The downside is that the traditional "downtown" has been replaced by corporate-controlled space. What's wrong with that? Well, in the traditional downtown, things like the First Amendment's guarantee of free speech apply. In malls, they generally don't. (One of my former students has written an interesting law review article on this subject). But that's where the people are, meaning that First Amendment guarantees of the right to protest downtown are increasingly meaningless when nobody goes downtown. (Indeed, here in Knoxville the antiwar protests, such as they were, were held on the sidewalk in front of West Town Mall, when the protest organizers realized that a weekend protest downtown would be the proverbial tree falling unheard in the forest.) Malls often have such offensive characteristics as omnipresent security cameras coupled with draconian bans on picture-taking. It's not like Singapore, exactly, but it's not the traditional downtown, either.


But there's a lesson, too. One reason why people go to malls instead of downtown is that they feel safe. Part of this is physical safety. (Though that's largely an illusion. Mall crime doesn't get reported much -- all those advertisers make it easy to persuade local media to keep it quiet -- but there's lots more of it than you'd think. Makes sense: Criminals go where the money is, and a mugger would starve to death in downtown Knoxville.)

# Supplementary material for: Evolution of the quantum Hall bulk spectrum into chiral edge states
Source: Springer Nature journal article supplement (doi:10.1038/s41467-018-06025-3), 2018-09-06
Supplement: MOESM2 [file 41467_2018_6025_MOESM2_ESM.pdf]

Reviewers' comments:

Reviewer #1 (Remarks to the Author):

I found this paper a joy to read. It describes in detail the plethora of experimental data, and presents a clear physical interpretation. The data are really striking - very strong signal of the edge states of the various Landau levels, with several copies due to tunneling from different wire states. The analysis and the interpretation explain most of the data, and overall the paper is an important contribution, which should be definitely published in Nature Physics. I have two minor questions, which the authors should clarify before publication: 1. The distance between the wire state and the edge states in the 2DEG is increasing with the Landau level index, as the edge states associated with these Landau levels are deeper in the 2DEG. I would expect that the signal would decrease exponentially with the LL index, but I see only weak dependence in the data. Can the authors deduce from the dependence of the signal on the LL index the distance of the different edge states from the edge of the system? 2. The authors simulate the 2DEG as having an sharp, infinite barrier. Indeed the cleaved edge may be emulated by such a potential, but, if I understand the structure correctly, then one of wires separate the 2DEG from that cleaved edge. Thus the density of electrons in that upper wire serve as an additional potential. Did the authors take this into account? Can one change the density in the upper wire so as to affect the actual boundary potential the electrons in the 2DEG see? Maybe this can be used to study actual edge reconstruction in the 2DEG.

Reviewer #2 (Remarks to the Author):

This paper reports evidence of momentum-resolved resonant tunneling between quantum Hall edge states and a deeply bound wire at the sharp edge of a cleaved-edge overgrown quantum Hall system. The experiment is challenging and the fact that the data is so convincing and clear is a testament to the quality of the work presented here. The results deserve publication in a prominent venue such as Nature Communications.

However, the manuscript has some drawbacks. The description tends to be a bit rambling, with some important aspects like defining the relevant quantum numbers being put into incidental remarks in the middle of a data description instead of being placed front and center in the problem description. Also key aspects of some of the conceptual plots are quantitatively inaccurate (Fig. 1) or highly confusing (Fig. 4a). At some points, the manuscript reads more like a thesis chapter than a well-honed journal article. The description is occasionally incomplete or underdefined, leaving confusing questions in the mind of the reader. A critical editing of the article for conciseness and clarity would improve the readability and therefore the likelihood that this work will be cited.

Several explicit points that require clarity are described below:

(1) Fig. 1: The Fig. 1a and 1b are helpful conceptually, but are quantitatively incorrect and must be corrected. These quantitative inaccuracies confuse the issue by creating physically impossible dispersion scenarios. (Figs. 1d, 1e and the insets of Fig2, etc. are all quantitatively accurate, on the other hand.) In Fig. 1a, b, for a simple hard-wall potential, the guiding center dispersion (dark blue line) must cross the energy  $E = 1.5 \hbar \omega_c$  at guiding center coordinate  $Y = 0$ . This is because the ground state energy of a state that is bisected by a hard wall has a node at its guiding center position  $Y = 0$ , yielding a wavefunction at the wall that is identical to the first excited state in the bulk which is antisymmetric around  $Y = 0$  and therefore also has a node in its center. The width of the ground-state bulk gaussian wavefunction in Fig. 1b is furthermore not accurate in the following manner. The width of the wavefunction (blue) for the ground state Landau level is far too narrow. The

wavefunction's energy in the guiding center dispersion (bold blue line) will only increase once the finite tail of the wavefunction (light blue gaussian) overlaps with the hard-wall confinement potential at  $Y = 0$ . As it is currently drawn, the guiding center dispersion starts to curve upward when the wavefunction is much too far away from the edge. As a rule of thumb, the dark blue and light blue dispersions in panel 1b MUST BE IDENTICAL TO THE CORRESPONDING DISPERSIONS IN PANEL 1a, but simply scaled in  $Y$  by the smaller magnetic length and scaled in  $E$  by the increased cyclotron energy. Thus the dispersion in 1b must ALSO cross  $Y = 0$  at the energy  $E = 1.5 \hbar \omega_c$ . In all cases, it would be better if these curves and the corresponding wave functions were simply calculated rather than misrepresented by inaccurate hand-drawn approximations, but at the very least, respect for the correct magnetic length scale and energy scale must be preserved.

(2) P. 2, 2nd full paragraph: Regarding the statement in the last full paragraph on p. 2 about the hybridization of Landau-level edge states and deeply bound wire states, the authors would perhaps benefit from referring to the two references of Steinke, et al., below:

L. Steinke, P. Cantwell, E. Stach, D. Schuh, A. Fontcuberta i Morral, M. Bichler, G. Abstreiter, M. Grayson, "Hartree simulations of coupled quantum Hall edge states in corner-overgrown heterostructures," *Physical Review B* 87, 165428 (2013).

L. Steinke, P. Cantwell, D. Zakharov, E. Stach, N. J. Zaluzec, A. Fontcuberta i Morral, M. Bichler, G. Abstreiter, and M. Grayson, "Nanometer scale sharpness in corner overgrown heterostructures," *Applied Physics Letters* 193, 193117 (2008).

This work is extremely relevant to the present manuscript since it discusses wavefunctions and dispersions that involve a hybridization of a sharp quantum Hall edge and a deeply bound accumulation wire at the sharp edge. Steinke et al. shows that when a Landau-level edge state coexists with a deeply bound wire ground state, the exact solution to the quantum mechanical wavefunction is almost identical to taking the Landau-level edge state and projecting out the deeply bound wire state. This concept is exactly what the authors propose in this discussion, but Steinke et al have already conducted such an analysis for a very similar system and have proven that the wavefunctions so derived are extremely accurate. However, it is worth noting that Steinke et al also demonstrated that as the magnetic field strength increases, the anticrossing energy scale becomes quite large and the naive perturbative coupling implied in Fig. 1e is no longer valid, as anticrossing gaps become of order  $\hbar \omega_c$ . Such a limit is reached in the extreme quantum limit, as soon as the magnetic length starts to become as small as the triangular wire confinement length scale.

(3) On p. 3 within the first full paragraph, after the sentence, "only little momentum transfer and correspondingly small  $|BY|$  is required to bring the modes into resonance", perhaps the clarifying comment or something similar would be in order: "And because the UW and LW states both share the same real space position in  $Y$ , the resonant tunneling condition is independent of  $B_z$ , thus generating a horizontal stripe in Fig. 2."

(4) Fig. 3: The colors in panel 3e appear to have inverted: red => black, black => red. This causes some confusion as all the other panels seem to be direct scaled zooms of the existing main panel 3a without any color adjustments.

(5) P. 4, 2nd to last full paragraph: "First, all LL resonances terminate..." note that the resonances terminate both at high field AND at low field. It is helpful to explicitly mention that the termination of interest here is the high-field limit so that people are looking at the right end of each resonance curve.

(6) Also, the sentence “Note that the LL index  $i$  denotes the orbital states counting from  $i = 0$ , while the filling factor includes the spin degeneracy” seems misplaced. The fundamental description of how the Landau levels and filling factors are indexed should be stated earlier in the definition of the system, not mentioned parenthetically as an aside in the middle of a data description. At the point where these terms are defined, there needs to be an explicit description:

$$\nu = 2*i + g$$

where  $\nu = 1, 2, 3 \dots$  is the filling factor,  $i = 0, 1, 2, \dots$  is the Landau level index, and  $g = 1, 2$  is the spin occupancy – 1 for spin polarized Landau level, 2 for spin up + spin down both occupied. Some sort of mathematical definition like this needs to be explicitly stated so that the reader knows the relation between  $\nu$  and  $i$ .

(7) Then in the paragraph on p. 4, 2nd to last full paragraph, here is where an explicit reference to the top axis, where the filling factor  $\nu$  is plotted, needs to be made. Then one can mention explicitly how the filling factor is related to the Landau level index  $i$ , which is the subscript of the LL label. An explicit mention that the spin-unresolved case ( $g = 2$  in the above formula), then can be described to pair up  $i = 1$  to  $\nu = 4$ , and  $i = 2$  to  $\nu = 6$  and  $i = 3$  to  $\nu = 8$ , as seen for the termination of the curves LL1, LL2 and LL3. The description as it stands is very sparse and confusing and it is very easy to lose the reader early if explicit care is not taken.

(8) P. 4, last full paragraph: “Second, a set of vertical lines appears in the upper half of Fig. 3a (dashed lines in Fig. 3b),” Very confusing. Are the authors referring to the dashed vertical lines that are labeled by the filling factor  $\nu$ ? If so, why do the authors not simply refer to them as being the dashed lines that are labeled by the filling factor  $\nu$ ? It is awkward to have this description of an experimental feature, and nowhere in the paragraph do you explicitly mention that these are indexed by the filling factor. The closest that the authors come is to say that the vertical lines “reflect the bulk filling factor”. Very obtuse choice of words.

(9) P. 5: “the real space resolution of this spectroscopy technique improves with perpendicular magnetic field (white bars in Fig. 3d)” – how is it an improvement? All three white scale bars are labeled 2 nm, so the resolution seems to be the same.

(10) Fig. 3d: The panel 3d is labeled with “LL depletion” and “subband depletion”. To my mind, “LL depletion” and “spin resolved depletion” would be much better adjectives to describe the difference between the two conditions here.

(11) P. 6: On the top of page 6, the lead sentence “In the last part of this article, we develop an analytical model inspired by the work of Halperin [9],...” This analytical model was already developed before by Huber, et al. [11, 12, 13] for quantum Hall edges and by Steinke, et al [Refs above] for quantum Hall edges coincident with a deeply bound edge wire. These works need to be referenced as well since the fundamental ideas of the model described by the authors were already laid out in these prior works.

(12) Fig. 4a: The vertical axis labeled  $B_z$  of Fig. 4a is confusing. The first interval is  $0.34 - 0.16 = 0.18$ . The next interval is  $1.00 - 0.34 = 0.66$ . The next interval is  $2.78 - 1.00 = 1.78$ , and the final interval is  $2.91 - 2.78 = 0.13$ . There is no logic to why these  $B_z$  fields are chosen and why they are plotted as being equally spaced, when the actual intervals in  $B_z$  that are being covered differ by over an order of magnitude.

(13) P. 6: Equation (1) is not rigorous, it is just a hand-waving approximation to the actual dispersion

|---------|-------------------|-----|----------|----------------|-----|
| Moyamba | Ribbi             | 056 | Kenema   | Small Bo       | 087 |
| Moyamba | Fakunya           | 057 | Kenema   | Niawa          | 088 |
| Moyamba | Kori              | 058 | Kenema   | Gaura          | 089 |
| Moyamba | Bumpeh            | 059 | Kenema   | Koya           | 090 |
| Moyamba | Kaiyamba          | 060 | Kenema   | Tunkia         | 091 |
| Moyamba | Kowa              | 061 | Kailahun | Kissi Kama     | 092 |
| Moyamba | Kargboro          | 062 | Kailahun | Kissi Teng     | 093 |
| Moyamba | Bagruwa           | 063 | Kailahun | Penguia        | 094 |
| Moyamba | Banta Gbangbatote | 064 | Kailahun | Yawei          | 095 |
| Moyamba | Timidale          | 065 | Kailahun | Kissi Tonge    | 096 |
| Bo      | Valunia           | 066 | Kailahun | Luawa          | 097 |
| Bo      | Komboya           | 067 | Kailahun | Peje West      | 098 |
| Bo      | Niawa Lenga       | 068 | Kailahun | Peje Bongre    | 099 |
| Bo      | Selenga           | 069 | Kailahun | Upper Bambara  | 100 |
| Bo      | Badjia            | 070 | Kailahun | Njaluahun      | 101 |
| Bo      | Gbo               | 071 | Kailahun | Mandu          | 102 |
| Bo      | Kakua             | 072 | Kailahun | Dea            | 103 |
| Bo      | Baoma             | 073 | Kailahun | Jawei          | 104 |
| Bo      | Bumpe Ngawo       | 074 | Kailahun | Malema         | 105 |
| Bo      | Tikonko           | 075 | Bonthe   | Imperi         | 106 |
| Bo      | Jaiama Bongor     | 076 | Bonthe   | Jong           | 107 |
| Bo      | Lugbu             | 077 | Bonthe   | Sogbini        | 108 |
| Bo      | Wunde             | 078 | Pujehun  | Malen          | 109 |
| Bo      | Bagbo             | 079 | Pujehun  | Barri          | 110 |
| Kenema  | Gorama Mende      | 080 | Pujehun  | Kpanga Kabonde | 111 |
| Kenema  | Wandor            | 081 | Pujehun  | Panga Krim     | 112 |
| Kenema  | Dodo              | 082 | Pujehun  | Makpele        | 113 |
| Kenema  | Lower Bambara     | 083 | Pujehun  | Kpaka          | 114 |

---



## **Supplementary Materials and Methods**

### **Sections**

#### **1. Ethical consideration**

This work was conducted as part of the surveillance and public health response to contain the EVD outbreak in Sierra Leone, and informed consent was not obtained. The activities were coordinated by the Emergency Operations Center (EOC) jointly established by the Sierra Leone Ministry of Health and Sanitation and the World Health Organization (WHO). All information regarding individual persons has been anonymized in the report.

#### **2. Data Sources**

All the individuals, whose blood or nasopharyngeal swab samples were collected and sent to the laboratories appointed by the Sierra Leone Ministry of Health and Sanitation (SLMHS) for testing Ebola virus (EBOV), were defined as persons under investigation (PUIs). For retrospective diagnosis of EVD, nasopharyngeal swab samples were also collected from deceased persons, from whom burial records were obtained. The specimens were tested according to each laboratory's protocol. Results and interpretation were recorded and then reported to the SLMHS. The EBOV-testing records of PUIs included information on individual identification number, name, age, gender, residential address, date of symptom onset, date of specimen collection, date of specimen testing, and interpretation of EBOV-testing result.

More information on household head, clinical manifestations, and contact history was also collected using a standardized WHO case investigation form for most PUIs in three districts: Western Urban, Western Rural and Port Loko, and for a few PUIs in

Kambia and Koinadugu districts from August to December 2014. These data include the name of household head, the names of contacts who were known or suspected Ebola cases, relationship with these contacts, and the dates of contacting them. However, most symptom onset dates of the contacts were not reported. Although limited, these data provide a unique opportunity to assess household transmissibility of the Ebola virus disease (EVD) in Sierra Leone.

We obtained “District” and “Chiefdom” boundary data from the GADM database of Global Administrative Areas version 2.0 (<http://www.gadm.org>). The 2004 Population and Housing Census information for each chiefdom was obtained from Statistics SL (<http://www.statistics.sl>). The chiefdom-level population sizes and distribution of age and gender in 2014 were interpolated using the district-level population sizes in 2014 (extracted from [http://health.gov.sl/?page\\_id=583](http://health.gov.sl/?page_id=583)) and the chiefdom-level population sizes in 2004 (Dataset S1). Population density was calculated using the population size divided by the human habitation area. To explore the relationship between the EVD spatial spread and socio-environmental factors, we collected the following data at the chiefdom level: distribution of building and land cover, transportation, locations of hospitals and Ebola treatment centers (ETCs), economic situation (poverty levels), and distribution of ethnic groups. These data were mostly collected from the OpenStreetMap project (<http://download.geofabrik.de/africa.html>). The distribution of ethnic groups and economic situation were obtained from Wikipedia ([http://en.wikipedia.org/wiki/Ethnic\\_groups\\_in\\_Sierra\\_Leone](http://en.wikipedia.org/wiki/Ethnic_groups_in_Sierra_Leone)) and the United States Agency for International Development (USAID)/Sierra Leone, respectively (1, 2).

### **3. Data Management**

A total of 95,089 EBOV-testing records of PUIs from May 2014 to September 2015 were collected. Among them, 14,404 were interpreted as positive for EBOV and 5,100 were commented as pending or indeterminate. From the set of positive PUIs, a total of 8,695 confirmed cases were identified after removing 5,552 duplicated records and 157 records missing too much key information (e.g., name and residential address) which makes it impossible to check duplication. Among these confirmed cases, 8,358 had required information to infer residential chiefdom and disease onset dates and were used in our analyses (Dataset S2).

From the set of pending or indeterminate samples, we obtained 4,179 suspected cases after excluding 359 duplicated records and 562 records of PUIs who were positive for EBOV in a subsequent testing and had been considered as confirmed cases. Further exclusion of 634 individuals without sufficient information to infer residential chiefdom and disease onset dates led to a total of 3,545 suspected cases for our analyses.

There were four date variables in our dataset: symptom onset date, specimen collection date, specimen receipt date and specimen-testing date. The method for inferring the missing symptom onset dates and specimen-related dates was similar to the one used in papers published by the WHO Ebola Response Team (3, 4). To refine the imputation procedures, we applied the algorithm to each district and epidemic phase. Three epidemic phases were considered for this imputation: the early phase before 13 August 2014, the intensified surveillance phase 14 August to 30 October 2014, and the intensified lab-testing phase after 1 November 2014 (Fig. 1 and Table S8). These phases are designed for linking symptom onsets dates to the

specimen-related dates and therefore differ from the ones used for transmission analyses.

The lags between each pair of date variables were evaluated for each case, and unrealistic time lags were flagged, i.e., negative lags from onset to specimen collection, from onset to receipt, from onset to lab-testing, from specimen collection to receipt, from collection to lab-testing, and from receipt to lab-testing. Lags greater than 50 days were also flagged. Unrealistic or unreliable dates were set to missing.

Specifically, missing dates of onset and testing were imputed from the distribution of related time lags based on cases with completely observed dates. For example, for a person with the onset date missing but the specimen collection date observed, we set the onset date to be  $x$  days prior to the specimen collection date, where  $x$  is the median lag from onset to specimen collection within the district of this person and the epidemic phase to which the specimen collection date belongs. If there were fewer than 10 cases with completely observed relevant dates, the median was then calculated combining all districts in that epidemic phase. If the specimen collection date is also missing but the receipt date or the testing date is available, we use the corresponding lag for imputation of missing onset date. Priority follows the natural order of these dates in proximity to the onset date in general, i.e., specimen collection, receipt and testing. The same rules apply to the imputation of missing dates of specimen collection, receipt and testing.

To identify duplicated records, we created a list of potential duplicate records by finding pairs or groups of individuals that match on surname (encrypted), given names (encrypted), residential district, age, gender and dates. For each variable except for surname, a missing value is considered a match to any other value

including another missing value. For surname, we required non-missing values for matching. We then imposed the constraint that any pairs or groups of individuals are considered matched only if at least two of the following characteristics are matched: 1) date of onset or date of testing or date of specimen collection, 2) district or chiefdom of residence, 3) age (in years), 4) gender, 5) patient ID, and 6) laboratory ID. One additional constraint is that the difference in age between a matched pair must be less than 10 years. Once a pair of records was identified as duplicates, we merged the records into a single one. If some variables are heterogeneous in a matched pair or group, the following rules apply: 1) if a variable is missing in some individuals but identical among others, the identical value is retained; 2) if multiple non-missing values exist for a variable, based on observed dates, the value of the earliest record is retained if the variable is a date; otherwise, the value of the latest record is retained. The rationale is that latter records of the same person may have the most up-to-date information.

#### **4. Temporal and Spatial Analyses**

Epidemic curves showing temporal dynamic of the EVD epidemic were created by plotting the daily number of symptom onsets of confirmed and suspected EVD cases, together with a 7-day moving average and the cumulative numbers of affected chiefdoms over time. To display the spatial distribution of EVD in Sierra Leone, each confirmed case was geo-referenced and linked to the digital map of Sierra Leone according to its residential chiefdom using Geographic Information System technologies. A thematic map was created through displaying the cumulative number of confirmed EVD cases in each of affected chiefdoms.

But more important than physical safety, I think, is the desire not to be hassled by unpleasant people. Vagrants (relatively safe from prosecution in light of Supreme Court decisions), panhandlers, and accosters-of-pedestrians ranging from bible-thumping street preachers to various political activists are all relatively free in downtowns, thanks to the expansive First Amendment jurisprudence of the past half-century. But they're barred from malls. And, in a curious coincidence, that's where people tend to go. (How do people really feel? I note that in the movie Airplane, the audience always cheers when the  airport solicitors get beaten up.)


So what's the lesson? Free speech absolutists (and I'm pretty much one myself) may tell people that being hassled by loudmouths is part of democracy. And people may even agree -- but they'll still choose the mall over downtown if the hassle-factor gets very high. What that means, among other things, is that public-sector rules are always subject to private-sector competition. It also suggests that you can enact rules that promote free speech at the cost of people being hassled -- but that if you go too far, people will vote with their feet by choosing a controlled environment with fewer hassles.